2005–06

2006–07

2007–08

2008–09

2009–10

Primary

2:1 and above

54%

53%

53%

55%

56%

57%

58%

60%

61%

63%

63%

64%

2:2 and above

92%

92%

92%

92%

94%

94%

93%

94%

95%

96%

96%

95%

 

Secondary (including KS2/3)

2:1 and above

50%

51%

52%

52%

54%

56%

57%

58%

58%

57%

59%

62%

2:2 and above

86%

87%

87%

88%

89%

90%

90%

90%

91%

89%

91%

91%

 

Primary and Secondary

2:1 and above

51%

51%

52%

53%

55%

56%

58%

59%

59%

59%

61%

63%

2:2 and above

88%

89%

89%

90%

91%

91%

91%

91%

93%

92%

93%

93%

Postgraduate Employment-Based Routes

Academic year of entry

Phase

Degree class

2001–02

2002–03

2003–04

2004–05

2005–06

2006–07

2007–08

2008–09

2009–10

Primary

2:1 and above

35%

46%

46%

50%

52%

55%

57%

57%

61%

2:2 and above

66%

83%

84%

86%

86%

89%

91%

91%

91%

 

Secondary (including KS2/3)

2:1 and above

41%

49%

48%

49%

53%

58%

57%

61%

62%

2:2 and above

69%

79%

82%

83%

87%

88%

89%

91%

91%

 

Primary and Secondary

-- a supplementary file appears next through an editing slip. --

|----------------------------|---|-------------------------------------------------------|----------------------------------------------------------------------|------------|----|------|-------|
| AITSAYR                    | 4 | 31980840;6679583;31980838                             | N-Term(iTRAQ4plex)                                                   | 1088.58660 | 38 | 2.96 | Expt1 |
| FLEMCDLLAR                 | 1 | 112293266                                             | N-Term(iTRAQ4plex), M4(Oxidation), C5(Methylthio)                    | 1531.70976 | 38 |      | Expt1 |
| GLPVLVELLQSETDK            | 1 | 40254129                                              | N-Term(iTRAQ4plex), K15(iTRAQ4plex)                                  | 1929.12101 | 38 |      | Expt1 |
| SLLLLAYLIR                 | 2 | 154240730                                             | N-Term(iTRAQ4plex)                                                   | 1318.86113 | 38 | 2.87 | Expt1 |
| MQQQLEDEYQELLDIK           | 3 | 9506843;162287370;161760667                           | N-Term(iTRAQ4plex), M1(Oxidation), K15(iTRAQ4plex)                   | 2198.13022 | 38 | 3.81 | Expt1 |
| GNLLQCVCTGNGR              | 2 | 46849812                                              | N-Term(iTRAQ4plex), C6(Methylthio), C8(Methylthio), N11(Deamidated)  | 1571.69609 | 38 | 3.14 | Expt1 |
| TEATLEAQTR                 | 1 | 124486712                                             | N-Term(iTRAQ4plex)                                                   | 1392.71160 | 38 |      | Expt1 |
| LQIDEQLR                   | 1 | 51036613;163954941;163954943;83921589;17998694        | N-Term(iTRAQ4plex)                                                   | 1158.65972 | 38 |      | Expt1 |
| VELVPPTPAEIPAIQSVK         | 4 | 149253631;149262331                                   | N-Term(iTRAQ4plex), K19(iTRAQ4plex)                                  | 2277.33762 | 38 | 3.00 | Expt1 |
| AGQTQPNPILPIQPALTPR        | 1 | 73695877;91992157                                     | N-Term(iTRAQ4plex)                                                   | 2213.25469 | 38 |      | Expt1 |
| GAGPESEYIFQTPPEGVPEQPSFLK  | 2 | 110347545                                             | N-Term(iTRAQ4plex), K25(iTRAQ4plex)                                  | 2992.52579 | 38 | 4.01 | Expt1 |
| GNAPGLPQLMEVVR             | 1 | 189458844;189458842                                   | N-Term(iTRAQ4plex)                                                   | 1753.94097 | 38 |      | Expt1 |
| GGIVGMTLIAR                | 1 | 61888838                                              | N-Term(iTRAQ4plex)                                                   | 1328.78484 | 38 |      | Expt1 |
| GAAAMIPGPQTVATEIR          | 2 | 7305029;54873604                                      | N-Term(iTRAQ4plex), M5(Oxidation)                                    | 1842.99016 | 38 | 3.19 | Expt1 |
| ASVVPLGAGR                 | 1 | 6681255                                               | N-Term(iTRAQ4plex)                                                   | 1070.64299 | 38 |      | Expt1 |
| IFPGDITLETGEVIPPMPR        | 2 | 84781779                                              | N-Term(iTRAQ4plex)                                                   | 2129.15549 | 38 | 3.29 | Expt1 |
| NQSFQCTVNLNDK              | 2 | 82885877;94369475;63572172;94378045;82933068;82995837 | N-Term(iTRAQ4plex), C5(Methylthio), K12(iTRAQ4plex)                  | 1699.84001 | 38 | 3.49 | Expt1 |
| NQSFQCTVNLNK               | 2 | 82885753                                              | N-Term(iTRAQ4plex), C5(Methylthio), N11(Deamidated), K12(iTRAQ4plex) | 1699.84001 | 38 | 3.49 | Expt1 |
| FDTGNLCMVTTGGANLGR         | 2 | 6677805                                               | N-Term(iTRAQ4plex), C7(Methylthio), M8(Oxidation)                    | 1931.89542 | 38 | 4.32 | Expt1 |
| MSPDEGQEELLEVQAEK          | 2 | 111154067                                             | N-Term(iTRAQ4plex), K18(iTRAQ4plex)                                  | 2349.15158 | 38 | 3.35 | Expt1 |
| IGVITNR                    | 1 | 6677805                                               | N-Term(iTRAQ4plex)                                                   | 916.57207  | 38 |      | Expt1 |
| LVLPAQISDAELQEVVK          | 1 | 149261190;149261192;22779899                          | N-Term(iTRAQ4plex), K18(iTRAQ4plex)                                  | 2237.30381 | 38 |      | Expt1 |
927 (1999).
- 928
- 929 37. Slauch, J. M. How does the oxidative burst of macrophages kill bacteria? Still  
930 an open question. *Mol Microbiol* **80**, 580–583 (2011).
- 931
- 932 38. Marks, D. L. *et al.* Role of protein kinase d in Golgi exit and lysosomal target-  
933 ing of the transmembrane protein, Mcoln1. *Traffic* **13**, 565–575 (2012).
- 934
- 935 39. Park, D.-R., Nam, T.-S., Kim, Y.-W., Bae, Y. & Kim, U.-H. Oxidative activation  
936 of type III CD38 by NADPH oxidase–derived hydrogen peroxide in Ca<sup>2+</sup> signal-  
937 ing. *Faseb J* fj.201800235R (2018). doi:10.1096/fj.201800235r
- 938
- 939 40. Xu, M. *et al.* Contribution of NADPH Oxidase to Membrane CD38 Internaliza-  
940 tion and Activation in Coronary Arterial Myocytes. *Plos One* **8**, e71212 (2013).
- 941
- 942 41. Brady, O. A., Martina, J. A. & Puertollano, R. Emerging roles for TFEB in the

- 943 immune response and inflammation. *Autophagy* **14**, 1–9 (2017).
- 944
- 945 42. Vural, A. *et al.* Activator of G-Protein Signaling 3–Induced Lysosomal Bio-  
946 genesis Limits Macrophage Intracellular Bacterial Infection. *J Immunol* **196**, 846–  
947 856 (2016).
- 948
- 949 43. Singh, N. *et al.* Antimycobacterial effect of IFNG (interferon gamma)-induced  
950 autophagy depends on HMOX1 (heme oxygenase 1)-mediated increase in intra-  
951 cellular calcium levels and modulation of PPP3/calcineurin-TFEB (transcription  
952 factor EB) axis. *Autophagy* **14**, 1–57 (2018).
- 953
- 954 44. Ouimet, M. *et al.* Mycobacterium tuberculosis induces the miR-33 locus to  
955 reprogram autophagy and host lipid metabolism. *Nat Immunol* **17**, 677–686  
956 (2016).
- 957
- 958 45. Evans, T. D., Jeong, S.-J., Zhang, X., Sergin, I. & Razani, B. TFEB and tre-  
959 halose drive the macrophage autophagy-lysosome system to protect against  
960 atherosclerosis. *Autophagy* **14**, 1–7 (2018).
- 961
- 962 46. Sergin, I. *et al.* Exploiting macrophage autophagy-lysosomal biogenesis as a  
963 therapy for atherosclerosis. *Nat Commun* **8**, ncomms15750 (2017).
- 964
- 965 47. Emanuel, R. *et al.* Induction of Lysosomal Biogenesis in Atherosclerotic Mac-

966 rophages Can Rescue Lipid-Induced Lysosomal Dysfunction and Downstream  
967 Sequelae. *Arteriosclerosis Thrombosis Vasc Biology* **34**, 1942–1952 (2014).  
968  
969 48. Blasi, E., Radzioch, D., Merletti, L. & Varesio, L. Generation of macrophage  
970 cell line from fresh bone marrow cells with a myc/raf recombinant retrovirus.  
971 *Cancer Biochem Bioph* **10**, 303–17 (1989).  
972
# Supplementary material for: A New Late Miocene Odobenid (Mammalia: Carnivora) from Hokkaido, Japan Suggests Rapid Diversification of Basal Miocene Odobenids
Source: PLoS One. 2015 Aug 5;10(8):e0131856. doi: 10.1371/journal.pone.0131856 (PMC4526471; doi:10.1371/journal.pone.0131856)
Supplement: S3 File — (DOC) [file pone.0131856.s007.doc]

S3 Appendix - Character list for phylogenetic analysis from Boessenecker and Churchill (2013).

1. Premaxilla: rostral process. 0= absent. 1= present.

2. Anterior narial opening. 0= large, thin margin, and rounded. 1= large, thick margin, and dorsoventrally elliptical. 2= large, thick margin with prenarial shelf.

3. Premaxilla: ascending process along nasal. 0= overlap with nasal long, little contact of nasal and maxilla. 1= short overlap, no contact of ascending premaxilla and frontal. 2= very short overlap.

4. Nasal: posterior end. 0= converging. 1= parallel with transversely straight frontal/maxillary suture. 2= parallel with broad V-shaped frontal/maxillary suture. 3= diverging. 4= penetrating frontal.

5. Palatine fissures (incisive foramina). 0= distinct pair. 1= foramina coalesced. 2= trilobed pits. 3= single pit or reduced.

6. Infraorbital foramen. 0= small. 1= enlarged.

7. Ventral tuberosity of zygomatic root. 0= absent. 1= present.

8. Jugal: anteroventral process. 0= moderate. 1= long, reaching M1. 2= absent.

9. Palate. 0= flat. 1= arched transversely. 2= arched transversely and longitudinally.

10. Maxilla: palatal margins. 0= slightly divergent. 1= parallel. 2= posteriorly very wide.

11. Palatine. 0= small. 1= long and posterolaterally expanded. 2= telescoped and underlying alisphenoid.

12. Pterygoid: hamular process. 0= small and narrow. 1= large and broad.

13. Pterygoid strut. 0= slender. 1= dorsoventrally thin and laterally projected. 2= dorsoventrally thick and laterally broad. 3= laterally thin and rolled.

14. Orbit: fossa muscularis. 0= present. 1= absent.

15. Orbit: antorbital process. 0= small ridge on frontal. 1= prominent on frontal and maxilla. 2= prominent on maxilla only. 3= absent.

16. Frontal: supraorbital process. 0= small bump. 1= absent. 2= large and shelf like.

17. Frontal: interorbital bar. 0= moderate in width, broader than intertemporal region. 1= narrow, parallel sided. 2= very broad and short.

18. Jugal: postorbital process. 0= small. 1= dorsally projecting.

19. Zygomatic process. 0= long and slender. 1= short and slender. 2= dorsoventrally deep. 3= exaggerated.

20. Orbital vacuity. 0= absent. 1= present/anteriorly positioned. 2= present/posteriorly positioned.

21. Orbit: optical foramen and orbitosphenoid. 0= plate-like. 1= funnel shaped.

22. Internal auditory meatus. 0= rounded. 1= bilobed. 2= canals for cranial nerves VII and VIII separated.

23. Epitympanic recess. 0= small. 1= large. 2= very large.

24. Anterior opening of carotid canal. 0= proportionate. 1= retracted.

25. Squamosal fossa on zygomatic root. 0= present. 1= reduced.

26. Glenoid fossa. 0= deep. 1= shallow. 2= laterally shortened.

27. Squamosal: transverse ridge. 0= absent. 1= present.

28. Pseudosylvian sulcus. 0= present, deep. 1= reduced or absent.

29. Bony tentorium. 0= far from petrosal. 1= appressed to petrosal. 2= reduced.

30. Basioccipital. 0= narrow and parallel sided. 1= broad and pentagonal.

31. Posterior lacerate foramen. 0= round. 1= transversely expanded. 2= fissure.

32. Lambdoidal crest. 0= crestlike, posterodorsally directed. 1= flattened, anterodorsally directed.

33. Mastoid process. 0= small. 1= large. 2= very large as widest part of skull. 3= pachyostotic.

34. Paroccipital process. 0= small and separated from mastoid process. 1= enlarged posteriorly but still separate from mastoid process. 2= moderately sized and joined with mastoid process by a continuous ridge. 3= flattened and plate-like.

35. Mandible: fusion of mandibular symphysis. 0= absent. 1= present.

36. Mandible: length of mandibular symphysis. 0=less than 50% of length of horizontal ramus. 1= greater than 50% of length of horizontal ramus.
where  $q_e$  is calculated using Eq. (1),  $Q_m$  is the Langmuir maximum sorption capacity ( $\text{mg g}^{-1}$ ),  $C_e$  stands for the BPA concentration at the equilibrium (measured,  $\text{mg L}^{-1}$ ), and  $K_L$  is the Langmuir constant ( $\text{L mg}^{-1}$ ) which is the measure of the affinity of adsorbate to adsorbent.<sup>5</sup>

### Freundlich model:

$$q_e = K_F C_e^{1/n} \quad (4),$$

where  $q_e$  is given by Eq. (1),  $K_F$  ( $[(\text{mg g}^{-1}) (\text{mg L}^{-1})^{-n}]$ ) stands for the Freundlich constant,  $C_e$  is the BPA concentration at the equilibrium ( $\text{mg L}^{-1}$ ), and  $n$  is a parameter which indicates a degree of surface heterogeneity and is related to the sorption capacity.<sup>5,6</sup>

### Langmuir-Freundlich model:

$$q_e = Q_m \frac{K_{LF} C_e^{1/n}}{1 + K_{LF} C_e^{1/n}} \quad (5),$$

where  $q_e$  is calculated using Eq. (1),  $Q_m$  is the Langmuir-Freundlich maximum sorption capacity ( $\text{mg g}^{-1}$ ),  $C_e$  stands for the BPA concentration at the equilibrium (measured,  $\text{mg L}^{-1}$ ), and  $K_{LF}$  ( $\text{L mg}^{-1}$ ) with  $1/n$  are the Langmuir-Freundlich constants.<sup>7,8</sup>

2:1 and above

39%

48%

47%

49%

53%

57%

57%

60%

62%

2:2 and above

68%

80%

83%

84%

87%

89%

90%

91%

91%

All Postgraduate Routes

Academic year of entry

Phase

Degree class

2001–02

2002–03

2003–04

2004–05

2005–06

2006–07

2007–08

2008–09

2009–10

Primary

2:1 and above

52%

55%

55%

56%

59%

60%

62%

62%

63%

2:2 and above

89%

92%

92%

92%

93%

94%

95%

95%

94%

 

Secondary (including KS2/3)

2:1 and above

51%

54%

54%

56%

57%

58%

57%

60%

62%

2:2 and above

86%

87%

89%

89%

89%

91%

89%

91%

91%

 

Primary and Secondary

2:1 and above

51%

54%

55%

56%

58%

58%

59%

61%

62%

2:2 and above

87%

89%

90%

90%

91%

92%

91%

92%

92%

Source: TDA Performance Profiles

Notes

1 Includes those with a UK degree on entry Secondary ITT courses include Key Stage

2 2/3

3 The denominator includes those whose degree class is unknown or undefined

Table 2

PERCENTAGE OF APPLICANTS AND ACCEPTANCES VIA GTTR WITH AN UPPER SECOND DEGREE CLASS OR ABOVE IN MAINSTREAM POSTGRADUATE ROUTES. (SOURCE: GTTR)

Applications

Acceptances

2011

2010

2011

2010

Primary

55%

50%

66%

61%

Secondary

56%

51%

62%

58%

Overall

56%

50%

63%

59%

NB. This is a running total and not the final position. These numbers represent the year to date and may change once the census is taken in October.

References

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http://www.education.gov.uk/rsgateway/DB/SFR/s000927/index.shtml

2 The Annual Report of Her Majesty’s Chief Inspector of Education, Children’s Services and Skills 2009–10.

3 Sheffield Hallam University (2011), NQT Quality Improvement Study for the Training and Development Agency for Schools—Part 5 Report: The NQT year revisited, Centre for Education and Inclusion Research